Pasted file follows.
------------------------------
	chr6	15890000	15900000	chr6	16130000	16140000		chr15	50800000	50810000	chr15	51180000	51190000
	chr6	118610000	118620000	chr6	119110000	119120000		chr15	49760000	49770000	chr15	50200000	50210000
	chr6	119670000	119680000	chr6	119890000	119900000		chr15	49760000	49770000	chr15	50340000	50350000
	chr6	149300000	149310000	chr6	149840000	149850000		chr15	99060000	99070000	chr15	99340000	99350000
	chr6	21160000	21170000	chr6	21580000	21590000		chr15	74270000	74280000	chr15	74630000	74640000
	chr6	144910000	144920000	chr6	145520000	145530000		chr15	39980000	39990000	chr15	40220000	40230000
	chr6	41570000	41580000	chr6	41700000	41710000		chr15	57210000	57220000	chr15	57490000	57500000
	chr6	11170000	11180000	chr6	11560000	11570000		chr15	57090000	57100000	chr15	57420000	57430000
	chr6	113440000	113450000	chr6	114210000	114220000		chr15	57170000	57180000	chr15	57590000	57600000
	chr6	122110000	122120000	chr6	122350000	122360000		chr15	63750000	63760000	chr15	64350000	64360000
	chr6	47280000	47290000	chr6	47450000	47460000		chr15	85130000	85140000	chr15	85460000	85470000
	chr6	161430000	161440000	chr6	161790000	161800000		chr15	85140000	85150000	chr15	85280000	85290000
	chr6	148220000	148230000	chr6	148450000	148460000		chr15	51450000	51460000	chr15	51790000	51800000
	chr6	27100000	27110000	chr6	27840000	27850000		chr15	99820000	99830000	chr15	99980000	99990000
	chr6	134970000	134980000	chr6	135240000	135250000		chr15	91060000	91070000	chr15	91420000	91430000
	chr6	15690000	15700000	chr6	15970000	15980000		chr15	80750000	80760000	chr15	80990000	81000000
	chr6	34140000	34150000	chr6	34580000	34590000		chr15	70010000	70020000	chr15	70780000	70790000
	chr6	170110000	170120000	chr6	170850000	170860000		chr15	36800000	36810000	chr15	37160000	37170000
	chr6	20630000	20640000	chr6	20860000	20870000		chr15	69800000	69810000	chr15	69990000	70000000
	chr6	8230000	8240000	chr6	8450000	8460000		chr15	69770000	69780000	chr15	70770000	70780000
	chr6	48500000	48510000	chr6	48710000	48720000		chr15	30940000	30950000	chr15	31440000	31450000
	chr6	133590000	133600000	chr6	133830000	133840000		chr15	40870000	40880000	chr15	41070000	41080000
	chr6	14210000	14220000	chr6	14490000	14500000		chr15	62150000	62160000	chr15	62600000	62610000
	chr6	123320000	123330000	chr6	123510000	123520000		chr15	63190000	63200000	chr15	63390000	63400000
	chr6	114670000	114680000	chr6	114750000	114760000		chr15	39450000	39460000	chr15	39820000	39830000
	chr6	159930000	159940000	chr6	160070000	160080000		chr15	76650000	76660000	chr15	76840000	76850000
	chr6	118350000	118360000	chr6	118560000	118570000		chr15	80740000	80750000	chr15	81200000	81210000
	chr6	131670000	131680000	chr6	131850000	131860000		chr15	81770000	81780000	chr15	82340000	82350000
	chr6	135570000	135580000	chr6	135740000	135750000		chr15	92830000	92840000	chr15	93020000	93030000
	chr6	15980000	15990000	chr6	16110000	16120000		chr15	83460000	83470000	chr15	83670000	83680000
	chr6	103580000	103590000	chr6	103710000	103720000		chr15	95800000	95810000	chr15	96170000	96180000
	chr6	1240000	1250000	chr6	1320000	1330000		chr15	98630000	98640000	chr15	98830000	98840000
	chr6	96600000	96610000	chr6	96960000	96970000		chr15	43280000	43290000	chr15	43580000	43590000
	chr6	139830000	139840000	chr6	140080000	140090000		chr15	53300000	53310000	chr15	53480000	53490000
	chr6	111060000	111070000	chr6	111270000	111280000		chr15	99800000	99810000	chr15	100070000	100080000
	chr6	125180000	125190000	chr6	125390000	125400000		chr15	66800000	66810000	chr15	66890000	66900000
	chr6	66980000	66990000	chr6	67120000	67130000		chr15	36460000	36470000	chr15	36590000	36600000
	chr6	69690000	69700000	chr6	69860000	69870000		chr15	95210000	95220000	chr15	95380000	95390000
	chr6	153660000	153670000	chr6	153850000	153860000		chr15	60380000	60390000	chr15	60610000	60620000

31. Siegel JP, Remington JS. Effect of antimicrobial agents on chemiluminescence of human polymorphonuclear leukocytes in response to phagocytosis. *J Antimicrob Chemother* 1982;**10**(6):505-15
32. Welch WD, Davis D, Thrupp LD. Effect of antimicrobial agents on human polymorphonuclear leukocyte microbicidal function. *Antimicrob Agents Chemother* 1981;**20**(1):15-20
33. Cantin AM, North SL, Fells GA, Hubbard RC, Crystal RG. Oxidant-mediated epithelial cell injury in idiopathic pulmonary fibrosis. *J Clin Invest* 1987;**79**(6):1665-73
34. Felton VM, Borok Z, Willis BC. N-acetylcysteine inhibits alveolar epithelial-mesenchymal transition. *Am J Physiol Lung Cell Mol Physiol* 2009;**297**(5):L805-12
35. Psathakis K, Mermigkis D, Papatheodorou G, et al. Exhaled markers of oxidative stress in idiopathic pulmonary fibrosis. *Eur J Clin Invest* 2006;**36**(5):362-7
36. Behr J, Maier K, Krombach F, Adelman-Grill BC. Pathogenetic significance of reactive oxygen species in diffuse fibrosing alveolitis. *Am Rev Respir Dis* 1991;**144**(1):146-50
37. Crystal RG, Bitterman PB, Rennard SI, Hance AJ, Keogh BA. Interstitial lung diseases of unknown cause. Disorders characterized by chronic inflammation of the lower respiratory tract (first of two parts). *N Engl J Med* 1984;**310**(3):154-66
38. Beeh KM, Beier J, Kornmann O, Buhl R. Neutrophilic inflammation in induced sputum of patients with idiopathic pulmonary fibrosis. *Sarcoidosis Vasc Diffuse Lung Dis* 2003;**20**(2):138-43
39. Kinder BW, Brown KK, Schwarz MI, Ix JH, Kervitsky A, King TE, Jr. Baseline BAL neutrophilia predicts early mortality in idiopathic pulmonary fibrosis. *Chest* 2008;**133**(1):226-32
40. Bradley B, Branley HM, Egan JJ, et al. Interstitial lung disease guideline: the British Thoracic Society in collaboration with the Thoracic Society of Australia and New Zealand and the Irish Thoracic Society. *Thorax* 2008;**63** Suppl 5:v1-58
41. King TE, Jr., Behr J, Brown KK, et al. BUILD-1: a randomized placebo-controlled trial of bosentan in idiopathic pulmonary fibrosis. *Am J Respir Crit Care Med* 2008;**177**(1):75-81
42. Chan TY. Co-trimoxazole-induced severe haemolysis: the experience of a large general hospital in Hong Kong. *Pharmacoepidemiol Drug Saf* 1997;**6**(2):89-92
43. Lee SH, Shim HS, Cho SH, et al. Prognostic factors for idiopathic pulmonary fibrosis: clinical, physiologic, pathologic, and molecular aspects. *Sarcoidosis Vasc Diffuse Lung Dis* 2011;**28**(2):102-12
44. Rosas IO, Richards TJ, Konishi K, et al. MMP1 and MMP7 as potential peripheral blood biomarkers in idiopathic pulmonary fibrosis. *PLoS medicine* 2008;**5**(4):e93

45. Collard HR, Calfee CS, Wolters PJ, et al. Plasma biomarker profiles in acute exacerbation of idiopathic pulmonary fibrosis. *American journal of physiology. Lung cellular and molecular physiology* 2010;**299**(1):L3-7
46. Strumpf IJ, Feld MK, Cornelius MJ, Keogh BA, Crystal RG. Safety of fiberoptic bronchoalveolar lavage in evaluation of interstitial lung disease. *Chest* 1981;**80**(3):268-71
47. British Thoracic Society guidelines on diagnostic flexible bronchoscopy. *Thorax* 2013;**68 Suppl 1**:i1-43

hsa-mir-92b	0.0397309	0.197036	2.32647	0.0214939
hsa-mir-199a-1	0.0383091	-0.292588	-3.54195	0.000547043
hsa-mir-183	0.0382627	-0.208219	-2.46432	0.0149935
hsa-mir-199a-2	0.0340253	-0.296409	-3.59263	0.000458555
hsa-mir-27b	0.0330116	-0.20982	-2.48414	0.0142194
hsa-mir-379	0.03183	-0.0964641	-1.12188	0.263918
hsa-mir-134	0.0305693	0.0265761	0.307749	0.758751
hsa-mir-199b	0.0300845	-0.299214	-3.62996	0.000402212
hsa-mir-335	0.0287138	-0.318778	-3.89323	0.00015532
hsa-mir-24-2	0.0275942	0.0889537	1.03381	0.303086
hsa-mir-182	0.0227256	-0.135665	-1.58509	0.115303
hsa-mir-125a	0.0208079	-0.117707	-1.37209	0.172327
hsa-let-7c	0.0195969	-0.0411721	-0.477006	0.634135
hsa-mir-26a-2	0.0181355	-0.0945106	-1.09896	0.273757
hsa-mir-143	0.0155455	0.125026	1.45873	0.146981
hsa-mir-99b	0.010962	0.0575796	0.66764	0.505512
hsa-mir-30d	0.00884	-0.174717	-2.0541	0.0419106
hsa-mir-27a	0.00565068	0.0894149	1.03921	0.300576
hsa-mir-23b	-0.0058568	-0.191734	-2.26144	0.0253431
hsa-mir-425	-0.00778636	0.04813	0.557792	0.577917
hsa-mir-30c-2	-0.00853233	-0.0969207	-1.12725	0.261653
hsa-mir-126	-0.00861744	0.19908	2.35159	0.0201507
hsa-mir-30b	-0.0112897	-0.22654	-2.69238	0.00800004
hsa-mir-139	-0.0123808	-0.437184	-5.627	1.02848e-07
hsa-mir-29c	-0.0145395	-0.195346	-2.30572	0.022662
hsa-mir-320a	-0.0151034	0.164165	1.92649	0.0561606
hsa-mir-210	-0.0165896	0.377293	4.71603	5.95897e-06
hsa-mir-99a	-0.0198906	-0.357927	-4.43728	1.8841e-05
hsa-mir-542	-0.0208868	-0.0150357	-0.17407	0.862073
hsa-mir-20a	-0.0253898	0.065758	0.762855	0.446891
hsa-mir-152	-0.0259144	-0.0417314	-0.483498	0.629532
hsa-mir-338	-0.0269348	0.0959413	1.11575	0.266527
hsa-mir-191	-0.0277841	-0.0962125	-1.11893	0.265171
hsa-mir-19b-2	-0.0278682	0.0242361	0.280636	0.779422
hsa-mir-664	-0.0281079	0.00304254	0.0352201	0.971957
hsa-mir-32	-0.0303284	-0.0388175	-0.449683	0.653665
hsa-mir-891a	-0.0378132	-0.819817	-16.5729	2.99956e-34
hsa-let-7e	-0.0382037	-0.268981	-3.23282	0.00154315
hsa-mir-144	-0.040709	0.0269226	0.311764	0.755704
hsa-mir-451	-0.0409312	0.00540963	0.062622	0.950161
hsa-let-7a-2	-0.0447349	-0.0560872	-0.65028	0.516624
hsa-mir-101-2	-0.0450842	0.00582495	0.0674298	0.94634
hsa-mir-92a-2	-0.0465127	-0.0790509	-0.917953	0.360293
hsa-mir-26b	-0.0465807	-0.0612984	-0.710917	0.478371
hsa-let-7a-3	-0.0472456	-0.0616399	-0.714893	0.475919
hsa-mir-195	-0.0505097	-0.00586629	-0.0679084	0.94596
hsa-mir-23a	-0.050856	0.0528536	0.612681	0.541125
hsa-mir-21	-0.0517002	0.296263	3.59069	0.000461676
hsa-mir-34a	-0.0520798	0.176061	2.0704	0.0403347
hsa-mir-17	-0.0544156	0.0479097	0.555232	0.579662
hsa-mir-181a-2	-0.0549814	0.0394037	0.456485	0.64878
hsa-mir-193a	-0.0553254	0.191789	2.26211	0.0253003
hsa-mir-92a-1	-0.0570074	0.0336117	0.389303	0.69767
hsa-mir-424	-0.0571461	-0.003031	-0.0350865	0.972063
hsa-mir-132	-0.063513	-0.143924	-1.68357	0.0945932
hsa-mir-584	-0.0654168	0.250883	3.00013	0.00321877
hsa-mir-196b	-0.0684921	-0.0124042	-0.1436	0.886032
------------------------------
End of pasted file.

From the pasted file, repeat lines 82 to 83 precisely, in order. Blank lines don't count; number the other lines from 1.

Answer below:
hsa-mir-320a	-0.0151034	0.164165	1.92649	0.0561606
hsa-mir-210	-0.0165896	0.377293	4.71603	5.95897e-06